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Tema - patrimonio
Tema - rehabilitación
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1

In this regard, we might mention the work of research groups like FAME “Fotografía y Arquitectura Moderna en España” and Click [retrieved 30-09-2019].

2

In connection with the difficulty of transmitting architecture through photography, I remember a wonderful article by de Ana Asensio in this same blog: “El sabor de la manzana y la fotografía de la arquitectura” June 2018. [Retrieved 30-09-2019].

3

The Urbanidade blog dedicated a special article to this market, providing some very interesting material: “Arquitecturas perdidas: Mercado de Olavide”, Enrique Fidel, August 2007. [Retrieved 01-10-2019]

 

4

I recommend the article by José Fernando González Romero “La estación del Ferrocarril Vasco-Asturiano en Oviedo y la desaparición de un entorno modernista”, José Fernando González Romero, [Retrieved 01-10-2019].

The Loss of the Fourth Dimension: Urban Absences

Upper floor of Francisco Javier Ferrero’s Mercado de Olavide. Source: ”Nuevos mercados madrileños” in Arquitectura, the official journal of the Colegio Oficial de Arquitectos de Madrid (Madrid chartered architects’ association), nº 4, 1935.

One of the subjects I found myself discussing with colleagues at the recent INCUNA symposium in Gijon was the unfair treatment received by our urban heritage. The demolition of this heritage has deprived future generations of the opportunity to take a first-hand look at certain architectural works which we can now only study through graphic documentation. Without wishing to downplay the excellent work of many photographers throughout the 20th century and its importance as a provider of useful information, without which a major avenue of architectural research would have been lost1, the impossibility of physical access to these spaces results in a lack of first-hand information that would have been truly priceless as an aid to their interpretation2.

This loss of the fourth dimension of our architectural heritage, which can now only be viewed in photographic or planimetric form, also raises a much more important issue: that of the destruction of an unrepeatable spatial legacy. Such architectural absences sometimes become a poignantly commemorative scar or mark on the urban fabric, either in the shape of empty, negative gaps or through the substitution of pre-existing buildings by anodyne structures representative of present-day “taste”.  For those of us who never had the pleasure of enjoying them, those absences become fascinating mysteries, while for those who survived their loss they remain as sad reminders of the past.

The many examples of evocative voids and substitutory refills include two cases which I find particularly interesting: the Mercado de Olavide in Madrid and the Estación del Vasco in Oviedo. The market in Madrid3, designed by Francisco Javier Ferrero in 1934, was a unique example of its kind. Its rationalist style featured a characteristic polygonal shape which did not disappear when the building was demolished in 1974 but can still be seen in the present-day organization of that urban space. The second case was an interesting Art Nouveau train station that retained its typical spaces, its coloured enamelled tile advertisement panels and its remarkable overhead walkways connecting the different platforms4. This unique example of early 20th century railway architecture was demolished in 1989. The site was left abandoned for a long time until it was recently occupied by multi-family residential blocks. To a certain extent, the two cases bring to mind those words of Charles V which we specialists in heritage conservation find so inspiring: “You have built what you or others might have built anywhere, but you have destroyed something that was unique in the world”.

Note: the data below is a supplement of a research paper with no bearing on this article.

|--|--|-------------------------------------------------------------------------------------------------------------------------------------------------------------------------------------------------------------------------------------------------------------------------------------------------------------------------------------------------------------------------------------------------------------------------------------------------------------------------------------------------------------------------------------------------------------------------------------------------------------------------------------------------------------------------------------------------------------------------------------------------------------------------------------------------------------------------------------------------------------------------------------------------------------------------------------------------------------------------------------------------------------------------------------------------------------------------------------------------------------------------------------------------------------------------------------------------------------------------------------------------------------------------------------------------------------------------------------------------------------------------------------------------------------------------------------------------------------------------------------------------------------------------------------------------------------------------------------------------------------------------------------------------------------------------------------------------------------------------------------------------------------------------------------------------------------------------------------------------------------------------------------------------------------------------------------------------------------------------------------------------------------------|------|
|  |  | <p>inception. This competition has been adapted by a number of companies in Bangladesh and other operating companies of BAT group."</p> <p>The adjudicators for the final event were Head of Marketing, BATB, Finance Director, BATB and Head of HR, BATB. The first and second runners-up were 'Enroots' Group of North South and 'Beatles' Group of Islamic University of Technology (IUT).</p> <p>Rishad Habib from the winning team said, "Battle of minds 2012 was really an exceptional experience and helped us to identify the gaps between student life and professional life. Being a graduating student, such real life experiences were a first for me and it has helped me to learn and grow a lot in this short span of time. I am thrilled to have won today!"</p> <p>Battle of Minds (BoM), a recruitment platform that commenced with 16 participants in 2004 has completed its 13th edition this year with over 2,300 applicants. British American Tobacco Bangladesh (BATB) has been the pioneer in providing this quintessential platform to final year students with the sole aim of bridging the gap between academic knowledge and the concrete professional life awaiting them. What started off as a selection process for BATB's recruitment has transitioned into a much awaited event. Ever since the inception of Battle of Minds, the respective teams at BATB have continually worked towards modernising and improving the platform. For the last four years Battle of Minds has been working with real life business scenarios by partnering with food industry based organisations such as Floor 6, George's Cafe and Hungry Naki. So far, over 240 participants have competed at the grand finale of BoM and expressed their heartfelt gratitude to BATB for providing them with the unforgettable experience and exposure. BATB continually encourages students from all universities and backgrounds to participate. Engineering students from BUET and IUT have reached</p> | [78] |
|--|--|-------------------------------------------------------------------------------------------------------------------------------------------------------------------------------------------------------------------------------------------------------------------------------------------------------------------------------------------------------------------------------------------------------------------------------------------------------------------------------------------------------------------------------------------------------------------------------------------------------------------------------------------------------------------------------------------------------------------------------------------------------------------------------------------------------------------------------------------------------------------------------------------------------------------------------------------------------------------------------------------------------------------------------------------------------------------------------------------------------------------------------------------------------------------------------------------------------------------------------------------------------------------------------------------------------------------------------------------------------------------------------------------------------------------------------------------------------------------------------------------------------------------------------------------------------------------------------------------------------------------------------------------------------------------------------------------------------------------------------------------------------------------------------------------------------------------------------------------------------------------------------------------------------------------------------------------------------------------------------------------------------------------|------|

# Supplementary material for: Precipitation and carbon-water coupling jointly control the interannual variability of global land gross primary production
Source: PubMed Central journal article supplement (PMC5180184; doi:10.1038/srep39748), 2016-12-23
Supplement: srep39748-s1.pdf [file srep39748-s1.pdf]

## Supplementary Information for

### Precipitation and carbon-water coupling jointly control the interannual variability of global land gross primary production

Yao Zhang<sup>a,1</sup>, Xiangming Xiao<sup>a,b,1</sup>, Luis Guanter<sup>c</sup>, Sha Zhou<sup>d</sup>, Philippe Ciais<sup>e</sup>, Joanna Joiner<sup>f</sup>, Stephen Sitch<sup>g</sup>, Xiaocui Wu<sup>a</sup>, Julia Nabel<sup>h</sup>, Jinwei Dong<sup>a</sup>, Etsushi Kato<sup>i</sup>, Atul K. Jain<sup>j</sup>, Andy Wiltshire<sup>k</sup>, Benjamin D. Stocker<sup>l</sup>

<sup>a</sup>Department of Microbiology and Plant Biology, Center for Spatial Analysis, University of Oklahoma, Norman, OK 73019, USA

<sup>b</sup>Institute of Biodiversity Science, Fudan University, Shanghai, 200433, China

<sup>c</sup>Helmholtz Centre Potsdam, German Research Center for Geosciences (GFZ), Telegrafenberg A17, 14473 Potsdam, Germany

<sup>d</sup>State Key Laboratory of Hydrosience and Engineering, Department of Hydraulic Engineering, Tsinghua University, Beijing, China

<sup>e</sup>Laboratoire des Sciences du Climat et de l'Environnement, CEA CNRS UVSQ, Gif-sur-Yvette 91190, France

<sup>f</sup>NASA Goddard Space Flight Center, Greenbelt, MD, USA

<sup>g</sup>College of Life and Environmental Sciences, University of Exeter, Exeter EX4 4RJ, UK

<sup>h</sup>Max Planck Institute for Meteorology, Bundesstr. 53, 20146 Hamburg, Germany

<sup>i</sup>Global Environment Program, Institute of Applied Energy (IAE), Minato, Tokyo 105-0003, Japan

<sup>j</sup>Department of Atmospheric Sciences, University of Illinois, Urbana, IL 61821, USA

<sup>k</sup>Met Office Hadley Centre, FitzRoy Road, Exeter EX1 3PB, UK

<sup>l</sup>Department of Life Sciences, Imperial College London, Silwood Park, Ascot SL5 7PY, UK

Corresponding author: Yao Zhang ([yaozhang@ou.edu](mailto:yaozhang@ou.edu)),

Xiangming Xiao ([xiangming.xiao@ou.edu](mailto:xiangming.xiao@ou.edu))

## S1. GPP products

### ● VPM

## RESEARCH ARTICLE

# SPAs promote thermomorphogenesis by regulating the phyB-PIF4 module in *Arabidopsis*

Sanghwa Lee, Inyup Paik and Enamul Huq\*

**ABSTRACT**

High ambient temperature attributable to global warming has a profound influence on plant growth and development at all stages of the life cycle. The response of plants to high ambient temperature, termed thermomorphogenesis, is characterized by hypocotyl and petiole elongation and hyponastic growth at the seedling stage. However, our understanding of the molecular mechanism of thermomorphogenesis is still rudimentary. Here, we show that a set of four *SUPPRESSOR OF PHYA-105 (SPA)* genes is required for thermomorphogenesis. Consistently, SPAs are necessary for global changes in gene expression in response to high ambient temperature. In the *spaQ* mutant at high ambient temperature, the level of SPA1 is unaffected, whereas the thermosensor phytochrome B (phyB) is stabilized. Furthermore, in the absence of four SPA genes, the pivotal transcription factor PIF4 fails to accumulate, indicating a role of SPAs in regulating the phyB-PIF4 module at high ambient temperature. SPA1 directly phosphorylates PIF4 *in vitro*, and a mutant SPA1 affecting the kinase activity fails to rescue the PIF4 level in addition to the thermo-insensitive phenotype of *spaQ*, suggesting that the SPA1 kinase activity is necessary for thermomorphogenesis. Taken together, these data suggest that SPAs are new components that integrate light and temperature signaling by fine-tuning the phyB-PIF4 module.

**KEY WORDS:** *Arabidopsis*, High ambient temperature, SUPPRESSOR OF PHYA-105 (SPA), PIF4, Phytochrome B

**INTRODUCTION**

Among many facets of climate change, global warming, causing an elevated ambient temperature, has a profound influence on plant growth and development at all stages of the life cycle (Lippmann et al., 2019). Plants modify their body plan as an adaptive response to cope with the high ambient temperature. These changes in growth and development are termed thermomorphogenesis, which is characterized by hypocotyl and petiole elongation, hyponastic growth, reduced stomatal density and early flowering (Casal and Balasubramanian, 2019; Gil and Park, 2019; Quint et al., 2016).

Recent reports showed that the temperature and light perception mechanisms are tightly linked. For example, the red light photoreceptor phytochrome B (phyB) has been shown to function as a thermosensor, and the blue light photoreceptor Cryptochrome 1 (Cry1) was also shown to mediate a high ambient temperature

Fortunately, the reflection and self-criticism of the last few years have opened the door for us to learn from past mistakes, offering an opportunity to conserve and integrate our architectural heritage in the fabrics and the dynamics of the modern city. In the future there will be no need to lament more losses due to ignorance or a misguided notion of urban evolution, because by preserving and re-using our built urban heritage we can attain a more compact city, one which encourages mixed-use planning as a means of improving sustainability and efficiency and which, in short, safeguards the memory of our urban environments and their full significance as physical, spatial witnesses to the passage of time.


Text translated by Andrew V. Taylor
Notas de página
1

In this regard, we might mention the work of research groups like FAME “Fotografía y Arquitectura Moderna en España” and Click [retrieved 30-09-2019].

2

In connection with the difficulty of transmitting architecture through photography, I remember a wonderful article by de Ana Asensio in this same blog: “El sabor de la manzana y la fotografía de la arquitectura” June 2018. [Retrieved 30-09-2019].

3

The Urbanidade blog dedicated a special article to this market, providing some very interesting material: “Arquitecturas perdidas: Mercado de Olavide”, Enrique Fidel, August 2007. [Retrieved 01-10-2019]

 

4

I recommend the article by José Fernando González Romero “La estación del Ferrocarril Vasco-Asturiano en Oviedo y la desaparición de un entorno modernista”, José Fernando González Romero, [Retrieved 01-10-2019].

Autor:
(Gijón, 1984) Doctora Arquitecta formada en la Universidad Politécnica de Madrid, la Universidade da Coruña y la Università degli Studi di Ferrara, desarrolla su actividad como investigadora en la ETSAM-UPM en el ámbito del patrimonio cultural. Colaboradora habitual y miembro de INCUNA y TICCIH-España, su actividad más relevante se centra en el estudio y difusión del patrimonio industrial arquitectónico.

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